The American Quarter Horse is the first all-American breed. A distinctive type, it was bred in Virginia and the Seaboard Settlements very early in the seventeenth century. Its supporters claim that it is "the most popular horse in the world". To support that claim, there are more than 2 1/2 million entries in the American Quarter Horse Association's register.
The first significant import of English horses to Virginia was in 1611, well before the establishment of the Thoroughbred in England. Therefore, they would have had a background of native, eastern and Spanish blood.
Crossed with the stock of Spanish origin already in America, these horses became the foundation for the Quarter Horse, which quickly evolved into a compact horse with massively muscled quarters.
The settlers used them for farm work, herding cattle, hauling lumber, in light harness and under saddle. The sport-loving, English settlers also raced them on quarter-mile stretches - hence the name Quarter Horse. This also explains why the breed developed an explosive ability to spring over short distance.
In the West, the Quarter Horse made another name for itself as the perfect cow pony. Today, it excels as a trail mount, cutting horse, hunter and pleasure horse.
The Quarter Horse does not have or need the Thoroughbred's length of head. Instead, it is relatively short and wide, with a small muzzle and a shallow, firm mouth. The neck needs to be fairly long and flexible as the Quarter Horse works with its neck extended and its head down. An arched or crested neck would be undesirable. The head joins the neck at an angle of 45 degrees. There should not be too much thickness through the jowl, but the jawbones are wide apart at the top so as not to restrict the breathing. The excellent saddle back of this breed is due to the well-defined withers that extend back beyond the top of the shoulder to hold the saddle firmly in place. Heavy, muscular quarters of depth and width are characteristic of this chunky horse. The hind legs are heavily muscled through the thighs and gaskins down to the strong hock joint. The cannons are short with the hock set low to the ground. There is no play in the joint other than directly forward. The stifle is very deep. When viewed from behind, it extends out below the hip and above the gaskin and is the widest part of the horse. The underine, or belly, is longer than the back and must never cut high into the flank to disturb the compact symmetry of the outline. The usual color is chestnut but any solid color is acceptable. The Quarter Horse stnads between 15-16hh.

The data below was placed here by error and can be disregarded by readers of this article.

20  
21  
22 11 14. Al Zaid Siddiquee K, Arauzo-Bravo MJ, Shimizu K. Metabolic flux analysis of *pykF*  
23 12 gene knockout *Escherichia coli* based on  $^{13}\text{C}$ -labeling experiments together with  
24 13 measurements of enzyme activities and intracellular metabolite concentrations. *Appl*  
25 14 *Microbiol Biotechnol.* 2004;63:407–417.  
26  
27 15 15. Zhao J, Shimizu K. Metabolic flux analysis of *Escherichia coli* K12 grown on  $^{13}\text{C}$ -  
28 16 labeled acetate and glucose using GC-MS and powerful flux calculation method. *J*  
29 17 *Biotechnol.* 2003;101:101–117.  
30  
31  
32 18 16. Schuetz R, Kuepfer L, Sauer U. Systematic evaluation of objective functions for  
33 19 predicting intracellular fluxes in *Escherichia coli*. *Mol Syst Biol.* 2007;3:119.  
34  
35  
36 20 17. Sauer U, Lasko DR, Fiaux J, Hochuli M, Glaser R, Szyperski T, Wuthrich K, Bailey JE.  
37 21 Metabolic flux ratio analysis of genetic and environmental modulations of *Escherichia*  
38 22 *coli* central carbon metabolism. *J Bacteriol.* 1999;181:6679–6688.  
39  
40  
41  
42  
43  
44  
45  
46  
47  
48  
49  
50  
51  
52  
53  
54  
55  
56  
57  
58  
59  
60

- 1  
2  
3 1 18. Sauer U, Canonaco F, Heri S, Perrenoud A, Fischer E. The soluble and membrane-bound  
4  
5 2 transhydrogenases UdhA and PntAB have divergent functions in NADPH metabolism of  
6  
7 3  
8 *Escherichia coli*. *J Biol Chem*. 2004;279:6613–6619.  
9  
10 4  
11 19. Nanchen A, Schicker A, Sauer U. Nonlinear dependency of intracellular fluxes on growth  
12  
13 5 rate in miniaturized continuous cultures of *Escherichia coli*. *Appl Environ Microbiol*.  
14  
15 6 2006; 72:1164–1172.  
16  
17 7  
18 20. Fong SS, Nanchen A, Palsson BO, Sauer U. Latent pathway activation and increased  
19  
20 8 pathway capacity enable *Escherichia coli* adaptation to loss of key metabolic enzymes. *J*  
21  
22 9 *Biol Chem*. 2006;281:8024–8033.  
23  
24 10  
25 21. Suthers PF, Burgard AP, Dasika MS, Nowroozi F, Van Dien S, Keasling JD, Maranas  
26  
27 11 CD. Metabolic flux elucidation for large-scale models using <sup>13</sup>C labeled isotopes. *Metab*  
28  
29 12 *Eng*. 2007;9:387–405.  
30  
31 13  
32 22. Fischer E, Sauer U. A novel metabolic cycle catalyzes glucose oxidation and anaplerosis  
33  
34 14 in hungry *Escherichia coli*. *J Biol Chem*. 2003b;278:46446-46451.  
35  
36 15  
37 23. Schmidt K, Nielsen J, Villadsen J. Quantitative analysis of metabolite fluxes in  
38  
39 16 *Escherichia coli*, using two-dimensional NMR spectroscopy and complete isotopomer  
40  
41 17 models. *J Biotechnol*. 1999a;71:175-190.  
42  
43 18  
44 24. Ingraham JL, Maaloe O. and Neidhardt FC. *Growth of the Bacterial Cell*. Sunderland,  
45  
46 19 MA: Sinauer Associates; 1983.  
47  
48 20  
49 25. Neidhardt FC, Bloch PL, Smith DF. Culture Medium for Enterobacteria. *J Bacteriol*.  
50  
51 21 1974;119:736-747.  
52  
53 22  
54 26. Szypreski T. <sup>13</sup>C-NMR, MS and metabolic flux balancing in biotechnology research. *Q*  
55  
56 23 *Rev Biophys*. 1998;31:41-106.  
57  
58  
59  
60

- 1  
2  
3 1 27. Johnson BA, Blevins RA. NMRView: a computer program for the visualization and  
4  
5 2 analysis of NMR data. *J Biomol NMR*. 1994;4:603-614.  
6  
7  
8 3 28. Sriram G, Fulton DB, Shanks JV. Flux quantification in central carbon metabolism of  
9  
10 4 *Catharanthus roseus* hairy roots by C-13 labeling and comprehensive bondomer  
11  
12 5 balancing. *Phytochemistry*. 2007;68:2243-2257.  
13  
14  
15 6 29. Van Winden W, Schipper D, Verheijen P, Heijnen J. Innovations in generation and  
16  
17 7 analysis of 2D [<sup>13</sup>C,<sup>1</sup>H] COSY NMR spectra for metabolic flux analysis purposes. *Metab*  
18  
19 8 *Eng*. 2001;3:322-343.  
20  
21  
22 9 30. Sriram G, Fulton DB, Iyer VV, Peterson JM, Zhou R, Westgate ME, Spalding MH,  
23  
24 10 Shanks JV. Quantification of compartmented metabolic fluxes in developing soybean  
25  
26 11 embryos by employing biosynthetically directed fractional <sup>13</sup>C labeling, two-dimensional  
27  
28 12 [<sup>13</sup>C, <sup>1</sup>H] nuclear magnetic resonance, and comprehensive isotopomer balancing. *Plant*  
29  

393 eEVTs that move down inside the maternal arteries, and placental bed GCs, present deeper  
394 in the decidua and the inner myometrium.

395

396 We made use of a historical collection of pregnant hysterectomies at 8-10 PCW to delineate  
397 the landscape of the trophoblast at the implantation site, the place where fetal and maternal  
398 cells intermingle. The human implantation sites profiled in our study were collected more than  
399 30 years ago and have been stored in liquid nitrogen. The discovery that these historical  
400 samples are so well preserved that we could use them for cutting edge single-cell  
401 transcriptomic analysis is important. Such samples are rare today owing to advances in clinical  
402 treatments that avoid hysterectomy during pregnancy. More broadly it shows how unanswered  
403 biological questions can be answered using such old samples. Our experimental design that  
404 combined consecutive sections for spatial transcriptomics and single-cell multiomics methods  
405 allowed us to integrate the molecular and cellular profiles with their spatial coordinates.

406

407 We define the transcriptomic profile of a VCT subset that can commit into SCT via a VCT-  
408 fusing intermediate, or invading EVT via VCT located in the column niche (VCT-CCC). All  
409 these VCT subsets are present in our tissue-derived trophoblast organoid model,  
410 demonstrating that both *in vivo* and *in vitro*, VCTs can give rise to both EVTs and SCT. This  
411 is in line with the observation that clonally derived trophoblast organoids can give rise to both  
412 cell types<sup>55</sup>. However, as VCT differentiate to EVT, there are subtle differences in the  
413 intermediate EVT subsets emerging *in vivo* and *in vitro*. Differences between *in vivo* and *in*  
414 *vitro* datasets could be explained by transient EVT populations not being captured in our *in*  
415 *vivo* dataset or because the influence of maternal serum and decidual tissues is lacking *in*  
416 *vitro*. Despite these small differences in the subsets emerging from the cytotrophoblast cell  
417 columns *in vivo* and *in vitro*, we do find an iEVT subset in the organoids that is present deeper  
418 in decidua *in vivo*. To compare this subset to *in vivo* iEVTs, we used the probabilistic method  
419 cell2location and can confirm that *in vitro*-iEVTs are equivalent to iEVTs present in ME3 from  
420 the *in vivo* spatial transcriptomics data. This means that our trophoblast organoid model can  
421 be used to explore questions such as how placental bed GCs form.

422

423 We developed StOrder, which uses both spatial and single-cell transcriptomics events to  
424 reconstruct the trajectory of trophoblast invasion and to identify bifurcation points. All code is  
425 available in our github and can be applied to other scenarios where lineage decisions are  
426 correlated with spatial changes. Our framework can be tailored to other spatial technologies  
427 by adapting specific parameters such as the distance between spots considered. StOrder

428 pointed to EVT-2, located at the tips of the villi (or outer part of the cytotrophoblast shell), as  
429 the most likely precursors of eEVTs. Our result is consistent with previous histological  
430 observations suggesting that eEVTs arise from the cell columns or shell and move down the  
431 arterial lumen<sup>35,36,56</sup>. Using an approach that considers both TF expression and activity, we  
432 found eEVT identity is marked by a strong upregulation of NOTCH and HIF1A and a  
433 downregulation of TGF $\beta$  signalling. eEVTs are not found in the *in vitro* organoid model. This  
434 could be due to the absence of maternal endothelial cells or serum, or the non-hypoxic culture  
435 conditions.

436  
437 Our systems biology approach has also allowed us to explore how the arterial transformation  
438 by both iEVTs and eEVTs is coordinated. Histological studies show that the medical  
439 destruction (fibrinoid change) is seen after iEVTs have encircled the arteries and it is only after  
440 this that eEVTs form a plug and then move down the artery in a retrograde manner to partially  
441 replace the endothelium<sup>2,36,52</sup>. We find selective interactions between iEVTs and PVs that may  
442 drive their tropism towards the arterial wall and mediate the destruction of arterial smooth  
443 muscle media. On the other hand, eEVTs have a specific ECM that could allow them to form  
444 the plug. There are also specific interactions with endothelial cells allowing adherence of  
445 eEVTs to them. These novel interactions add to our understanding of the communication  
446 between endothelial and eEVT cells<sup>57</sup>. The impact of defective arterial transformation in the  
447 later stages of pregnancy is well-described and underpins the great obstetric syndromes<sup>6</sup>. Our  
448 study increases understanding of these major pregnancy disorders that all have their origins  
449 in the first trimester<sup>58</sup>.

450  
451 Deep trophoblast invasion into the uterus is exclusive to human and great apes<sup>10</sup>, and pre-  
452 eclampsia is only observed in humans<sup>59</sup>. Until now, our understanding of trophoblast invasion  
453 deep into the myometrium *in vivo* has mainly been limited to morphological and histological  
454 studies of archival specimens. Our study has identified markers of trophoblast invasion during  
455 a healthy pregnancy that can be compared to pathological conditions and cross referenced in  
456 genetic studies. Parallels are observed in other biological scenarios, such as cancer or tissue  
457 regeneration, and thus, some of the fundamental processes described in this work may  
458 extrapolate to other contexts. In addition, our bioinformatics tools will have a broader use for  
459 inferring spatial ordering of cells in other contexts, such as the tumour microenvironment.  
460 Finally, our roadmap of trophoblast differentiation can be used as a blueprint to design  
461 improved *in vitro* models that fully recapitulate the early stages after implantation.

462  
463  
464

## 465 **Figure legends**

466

Reference: The Ultimate Horse Book; Elwyn Hartley Edwards; 1991
The National Quarter Horse Foundation Association
Quarter Horse World
American Quarter Horse Association
America's Quarter Horse
Background photo courtesy of Pleasure Horse Journal
Reference picture courtesy of The Ultimate Horse Site